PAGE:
Wednesday, August 08, 2007
"You've been here before."
It’s a little something I say to myself from time to time on the ultimate field, when adrenaline pulsates the veins in my temple, my legs and lungs burn hot, and I feel my field of vision narrowing. It’s those moments when stress and stakes are highest that I need to remind myself of my ability to perform the task at hand and, more importantly, recall each step required using a quiet analytical mind. That mantra, “you’ve been here before,” allows me to find that quiet space and remove myself from the emotion of the moment while remembering the fundamentals.
These little pauses, the two second study sessions, serve me best when I’m with a disc. In positions when I have the disc on the sideline with a four-man cup trapping, I know when the disc gets tapped in there’s going to be a burst of noise and movement, a hundred distractions all pushing themselves over for my attention. Going over personal and team strategy just before making my decision allows me to deal with only the distractions that impede my throw. Setting up on defense and being isolated in the middle of the endzone, I know that when the disc gets tapped in if I’m going into it without a plan, I’ll get easily beat by just reacting instead of anticipating. The moments on the line before pulling or receiving are also among my favorite times to recite this and start visualizing my plan.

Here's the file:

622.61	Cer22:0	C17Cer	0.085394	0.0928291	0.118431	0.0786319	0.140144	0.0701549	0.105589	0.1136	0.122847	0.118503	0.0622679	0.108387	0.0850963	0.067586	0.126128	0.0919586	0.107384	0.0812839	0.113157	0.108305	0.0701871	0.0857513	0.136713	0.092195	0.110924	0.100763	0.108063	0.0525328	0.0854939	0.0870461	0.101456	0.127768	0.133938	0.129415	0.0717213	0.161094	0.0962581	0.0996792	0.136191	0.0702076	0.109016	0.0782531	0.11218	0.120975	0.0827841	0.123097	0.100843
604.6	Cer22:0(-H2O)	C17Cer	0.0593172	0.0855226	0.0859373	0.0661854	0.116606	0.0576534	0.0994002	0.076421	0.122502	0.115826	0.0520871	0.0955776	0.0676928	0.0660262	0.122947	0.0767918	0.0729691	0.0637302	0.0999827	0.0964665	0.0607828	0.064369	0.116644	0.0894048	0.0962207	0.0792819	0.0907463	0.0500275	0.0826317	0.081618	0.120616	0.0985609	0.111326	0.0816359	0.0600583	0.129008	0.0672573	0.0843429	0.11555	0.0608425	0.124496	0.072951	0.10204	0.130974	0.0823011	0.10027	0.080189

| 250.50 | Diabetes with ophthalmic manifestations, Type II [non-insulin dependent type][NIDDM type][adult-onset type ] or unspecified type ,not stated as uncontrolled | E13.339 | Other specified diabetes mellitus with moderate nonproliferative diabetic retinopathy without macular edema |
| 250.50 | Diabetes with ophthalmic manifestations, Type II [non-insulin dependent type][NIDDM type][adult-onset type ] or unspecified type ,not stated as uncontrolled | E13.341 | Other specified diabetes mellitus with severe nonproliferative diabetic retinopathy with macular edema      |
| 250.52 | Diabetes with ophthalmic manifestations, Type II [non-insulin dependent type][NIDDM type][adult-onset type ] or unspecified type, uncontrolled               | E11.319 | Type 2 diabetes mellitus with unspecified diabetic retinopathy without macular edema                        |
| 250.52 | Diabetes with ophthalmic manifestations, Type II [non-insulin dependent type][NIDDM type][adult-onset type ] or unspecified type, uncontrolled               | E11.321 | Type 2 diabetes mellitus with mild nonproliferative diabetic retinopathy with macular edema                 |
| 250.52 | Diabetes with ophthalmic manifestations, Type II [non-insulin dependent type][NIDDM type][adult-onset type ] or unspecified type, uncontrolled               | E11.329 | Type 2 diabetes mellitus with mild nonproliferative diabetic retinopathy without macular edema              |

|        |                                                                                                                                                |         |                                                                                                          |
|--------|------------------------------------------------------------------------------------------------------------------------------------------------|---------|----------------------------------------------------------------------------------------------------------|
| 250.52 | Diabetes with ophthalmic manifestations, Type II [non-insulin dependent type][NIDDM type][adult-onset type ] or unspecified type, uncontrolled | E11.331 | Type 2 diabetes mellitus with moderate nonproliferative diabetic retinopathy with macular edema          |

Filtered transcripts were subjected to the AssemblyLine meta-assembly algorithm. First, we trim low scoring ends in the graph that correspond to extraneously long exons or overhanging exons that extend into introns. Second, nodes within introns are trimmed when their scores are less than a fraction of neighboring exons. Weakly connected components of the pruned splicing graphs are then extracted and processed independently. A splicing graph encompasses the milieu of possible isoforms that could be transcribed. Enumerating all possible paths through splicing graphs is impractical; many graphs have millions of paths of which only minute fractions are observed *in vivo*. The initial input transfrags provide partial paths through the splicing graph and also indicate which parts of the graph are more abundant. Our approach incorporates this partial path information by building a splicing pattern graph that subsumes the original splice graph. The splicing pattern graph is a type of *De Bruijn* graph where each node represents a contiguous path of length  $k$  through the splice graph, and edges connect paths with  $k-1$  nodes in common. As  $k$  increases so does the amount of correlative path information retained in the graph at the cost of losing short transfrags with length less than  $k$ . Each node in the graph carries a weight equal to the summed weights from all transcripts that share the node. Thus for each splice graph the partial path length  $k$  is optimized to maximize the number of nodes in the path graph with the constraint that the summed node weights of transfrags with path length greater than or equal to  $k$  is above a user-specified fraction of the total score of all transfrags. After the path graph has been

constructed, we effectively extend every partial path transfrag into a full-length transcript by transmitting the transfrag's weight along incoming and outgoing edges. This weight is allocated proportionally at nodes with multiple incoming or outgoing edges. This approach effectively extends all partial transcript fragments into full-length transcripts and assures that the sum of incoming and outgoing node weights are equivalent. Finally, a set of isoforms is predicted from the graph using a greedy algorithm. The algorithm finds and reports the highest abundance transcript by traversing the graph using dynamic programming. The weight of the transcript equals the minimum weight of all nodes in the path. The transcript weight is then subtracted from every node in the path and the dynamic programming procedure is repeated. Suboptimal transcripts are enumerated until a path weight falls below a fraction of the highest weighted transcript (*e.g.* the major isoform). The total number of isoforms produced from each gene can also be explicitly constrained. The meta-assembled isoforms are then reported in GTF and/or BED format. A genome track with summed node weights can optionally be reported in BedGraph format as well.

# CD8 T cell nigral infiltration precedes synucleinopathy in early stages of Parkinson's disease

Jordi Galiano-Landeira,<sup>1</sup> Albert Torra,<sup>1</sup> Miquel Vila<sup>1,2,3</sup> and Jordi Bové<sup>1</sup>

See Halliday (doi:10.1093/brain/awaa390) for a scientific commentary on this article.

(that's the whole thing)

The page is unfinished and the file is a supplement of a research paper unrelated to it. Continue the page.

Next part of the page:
Minor conscious adjustments in my positioning and technique just before the disc gets tapped in greatly increase my success rate in completing the throw or taking away and shutting down the cutter’s first few moves. In short, repeating to myself – You’ve been here before – is my own little mnemonic device that allows me to recall quickly and efficiently the plans and strategies I’ve learned for problem-solving on the field. This in turn has helped me get out of sticky situations and allowed me a modest level of success at this playing level.
“But what if I haven’t been here before?”
Here are a few points I think about in those tight must-have situations.
When I’m about to tap the disc in while marking I…
- remember team marking strategy. Is the dump defender taking away up the line? Am I shading upfield or downfield?
- think about what this teams tends to throw. Am I taking away the inside-out or the around break to start?
- See if he’s a lefty. The type of throw (forehand v. backhand) they’re likely to throw can affect the mark positioning as much as the force can, so if it’s force flick and I’m on a fellow lefty, I cannot mark him the same as I’ve been marking others. His bigger threats will release from different points.
When I’m about to check the disc in trapped on the sideline I…
- identify what will probably be my two most likely targets.
- think of the marker and team. Is he consistently stalling too quickly? Are they always double-teaming? Does he foul late in the count? Is he a flailer, or someone with a plan and control of their bodies?
- square my shoulders to the marker and have him engage me at a different angle than he was anticipating.
- Remind myself to commit to the dump reset the moment it’s obvious there’s nothing open upfield, and certainly no later than stall 5.
When the cutter I am defending and I are isolated in the endzone, I…
- position my body so that their first option is blocked by my body and they must run through me to get there.
- make sure I’m close enough to dissuade throwing an inside-out break up the gut.
- focus on not getting caught chasing the cutter to the open side, but to use my body to constantly force him break-mark.
- check to see if Whit’s marking. If he is, then the break side is closed.
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